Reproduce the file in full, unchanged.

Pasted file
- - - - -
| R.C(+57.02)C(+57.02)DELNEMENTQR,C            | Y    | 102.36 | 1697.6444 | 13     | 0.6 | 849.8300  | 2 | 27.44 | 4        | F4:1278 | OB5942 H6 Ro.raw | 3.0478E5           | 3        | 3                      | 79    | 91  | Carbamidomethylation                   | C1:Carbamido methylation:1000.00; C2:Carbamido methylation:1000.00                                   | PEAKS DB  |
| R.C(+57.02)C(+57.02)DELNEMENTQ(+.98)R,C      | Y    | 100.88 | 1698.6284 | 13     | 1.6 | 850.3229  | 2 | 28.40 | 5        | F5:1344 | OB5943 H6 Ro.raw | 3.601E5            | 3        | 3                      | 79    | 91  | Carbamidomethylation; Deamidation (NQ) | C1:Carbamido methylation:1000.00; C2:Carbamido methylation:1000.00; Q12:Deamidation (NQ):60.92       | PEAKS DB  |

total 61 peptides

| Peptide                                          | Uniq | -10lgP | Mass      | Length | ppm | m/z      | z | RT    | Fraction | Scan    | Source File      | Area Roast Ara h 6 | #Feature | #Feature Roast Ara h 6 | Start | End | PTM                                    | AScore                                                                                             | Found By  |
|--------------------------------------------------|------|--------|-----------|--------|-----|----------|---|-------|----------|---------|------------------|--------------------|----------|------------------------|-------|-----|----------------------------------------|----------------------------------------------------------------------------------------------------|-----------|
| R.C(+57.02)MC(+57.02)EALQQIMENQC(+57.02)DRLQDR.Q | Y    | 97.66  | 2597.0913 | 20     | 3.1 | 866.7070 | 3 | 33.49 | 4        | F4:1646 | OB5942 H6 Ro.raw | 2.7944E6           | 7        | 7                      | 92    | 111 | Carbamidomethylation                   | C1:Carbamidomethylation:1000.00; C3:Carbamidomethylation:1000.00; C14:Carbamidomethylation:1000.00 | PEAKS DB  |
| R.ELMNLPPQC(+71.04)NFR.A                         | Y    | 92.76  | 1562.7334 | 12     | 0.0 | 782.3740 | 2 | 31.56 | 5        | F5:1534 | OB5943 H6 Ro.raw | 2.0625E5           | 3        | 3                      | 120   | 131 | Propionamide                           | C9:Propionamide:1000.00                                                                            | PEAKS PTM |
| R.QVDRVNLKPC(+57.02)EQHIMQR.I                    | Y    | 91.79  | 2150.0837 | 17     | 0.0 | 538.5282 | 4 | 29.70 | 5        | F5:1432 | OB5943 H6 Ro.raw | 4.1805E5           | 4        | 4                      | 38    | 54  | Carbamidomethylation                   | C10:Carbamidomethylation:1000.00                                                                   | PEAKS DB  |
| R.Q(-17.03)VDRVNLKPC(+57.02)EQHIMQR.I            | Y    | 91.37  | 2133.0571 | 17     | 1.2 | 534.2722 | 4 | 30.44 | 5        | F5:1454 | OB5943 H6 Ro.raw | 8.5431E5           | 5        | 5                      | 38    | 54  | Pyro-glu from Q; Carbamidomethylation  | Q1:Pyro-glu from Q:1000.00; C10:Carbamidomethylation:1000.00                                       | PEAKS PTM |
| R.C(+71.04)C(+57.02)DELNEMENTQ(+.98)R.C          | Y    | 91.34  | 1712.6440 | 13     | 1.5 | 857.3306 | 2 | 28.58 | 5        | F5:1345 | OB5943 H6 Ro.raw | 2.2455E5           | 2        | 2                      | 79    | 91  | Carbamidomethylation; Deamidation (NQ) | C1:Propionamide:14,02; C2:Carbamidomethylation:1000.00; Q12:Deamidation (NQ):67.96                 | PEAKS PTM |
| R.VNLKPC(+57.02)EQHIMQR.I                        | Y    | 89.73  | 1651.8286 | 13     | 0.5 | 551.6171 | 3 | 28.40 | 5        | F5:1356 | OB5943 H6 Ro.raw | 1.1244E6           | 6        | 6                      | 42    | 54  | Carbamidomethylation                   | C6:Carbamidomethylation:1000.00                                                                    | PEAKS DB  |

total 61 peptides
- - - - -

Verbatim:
| R.C(+57.02)C(+57.02)DELNEMENTQR,C            | Y    | 102.36 | 1697.6444 | 13     | 0.6 | 849.8300  | 2 | 27.44 | 4        | F4:1278 | OB5942 H6 Ro.raw | 3.0478E5           | 3        | 3                      | 79    | 91  | Carbamidomethylation                   | C1:Carbamido methylation:1000.00; C2:Carbamido methylation:1000.00                                   | PEAKS DB  |
| R.C(+57.02)C(+57.02)DELNEMENTQ(+.98)R,C      | Y    | 100.88 | 1698.6284 | 13     | 1.6 | 850.3229  | 2 | 28.40 | 5        | F5:1344 | OB5943 H6 Ro.raw | 3.601E5            | 3        | 3                      | 79    | 91  | Carbamidomethylation; Deamidation (NQ) | C1:Carbamido methylation:1000.00; C2:Carbamido methylation:1000.00; Q12:Deamidation (NQ):60.92       | PEAKS DB  |

total 61 peptides

| Peptide                                          | Uniq | -10lgP | Mass      | Length | ppm | m/z      | z | RT    | Fraction | Scan    | Source File      | Area Roast Ara h 6 | #Feature | #Feature Roast Ara h 6 | Start | End | PTM                                    | AScore                                                                                             | Found By  |
|--------------------------------------------------|------|--------|-----------|--------|-----|----------|---|-------|----------|---------|------------------|--------------------|----------|------------------------|-------|-----|----------------------------------------|----------------------------------------------------------------------------------------------------|-----------|
| R.C(+57.02)MC(+57.02)EALQQIMENQC(+57.02)DRLQDR.Q | Y    | 97.66  | 2597.0913 | 20     | 3.1 | 866.7070 | 3 | 33.49 | 4        | F4:1646 | OB5942 H6 Ro.raw | 2.7944E6           | 7        | 7                      | 92    | 111 | Carbamidomethylation                   | C1:Carbamidomethylation:1000.00; C3:Carbamidomethylation:1000.00; C14:Carbamidomethylation:1000.00 | PEAKS DB  |
| R.ELMNLPPQC(+71.04)NFR.A                         | Y    | 92.76  | 1562.7334 | 12     | 0.0 | 782.3740 | 2 | 31.56 | 5        | F5:1534 | OB5943 H6 Ro.raw | 2.0625E5           | 3        | 3                      | 120   | 131 | Propionamide                           | C9:Propionamide:1000.00                                                                            | PEAKS PTM |
| R.QVDRVNLKPC(+57.02)EQHIMQR.I                    | Y    | 91.79  | 2150.0837 | 17     | 0.0 | 538.5282 | 4 | 29.70 | 5        | F5:1432 | OB5943 H6 Ro.raw | 4.1805E5           | 4        | 4                      | 38    | 54  | Carbamidomethylation                   | C10:Carbamidomethylation:1000.00                                                                   | PEAKS DB  |
| R.Q(-17.03)VDRVNLKPC(+57.02)EQHIMQR.I            | Y    | 91.37  | 2133.0571 | 17     | 1.2 | 534.2722 | 4 | 30.44 | 5        | F5:1454 | OB5943 H6 Ro.raw | 8.5431E5           | 5        | 5                      | 38    | 54  | Pyro-glu from Q; Carbamidomethylation  | Q1:Pyro-glu from Q:1000.00; C10:Carbamidomethylation:1000.00                                       | PEAKS PTM |
| R.C(+71.04)C(+57.02)DELNEMENTQ(+.98)R.C          | Y    | 91.34  | 1712.6440 | 13     | 1.5 | 857.3306 | 2 | 28.58 | 5        | F5:1345 | OB5943 H6 Ro.raw | 2.2455E5           | 2        | 2                      | 79    | 91  | Carbamidomethylation; Deamidation (NQ) | C1:Propionamide:14,02; C2:Carbamidomethylation:1000.00; Q12:Deamidation (NQ):67.96                 | PEAKS PTM |
| R.VNLKPC(+57.02)EQHIMQR.I                        | Y    | 89.73  | 1651.8286 | 13     | 0.5 | 551.6171 | 3 | 28.40 | 5        | F5:1356 | OB5943 H6 Ro.raw | 1.1244E6           | 6        | 6                      | 42    | 54  | Carbamidomethylation                   | C6:Carbamidomethylation:1000.00                                                                    | PEAKS DB  |

total 61 peptides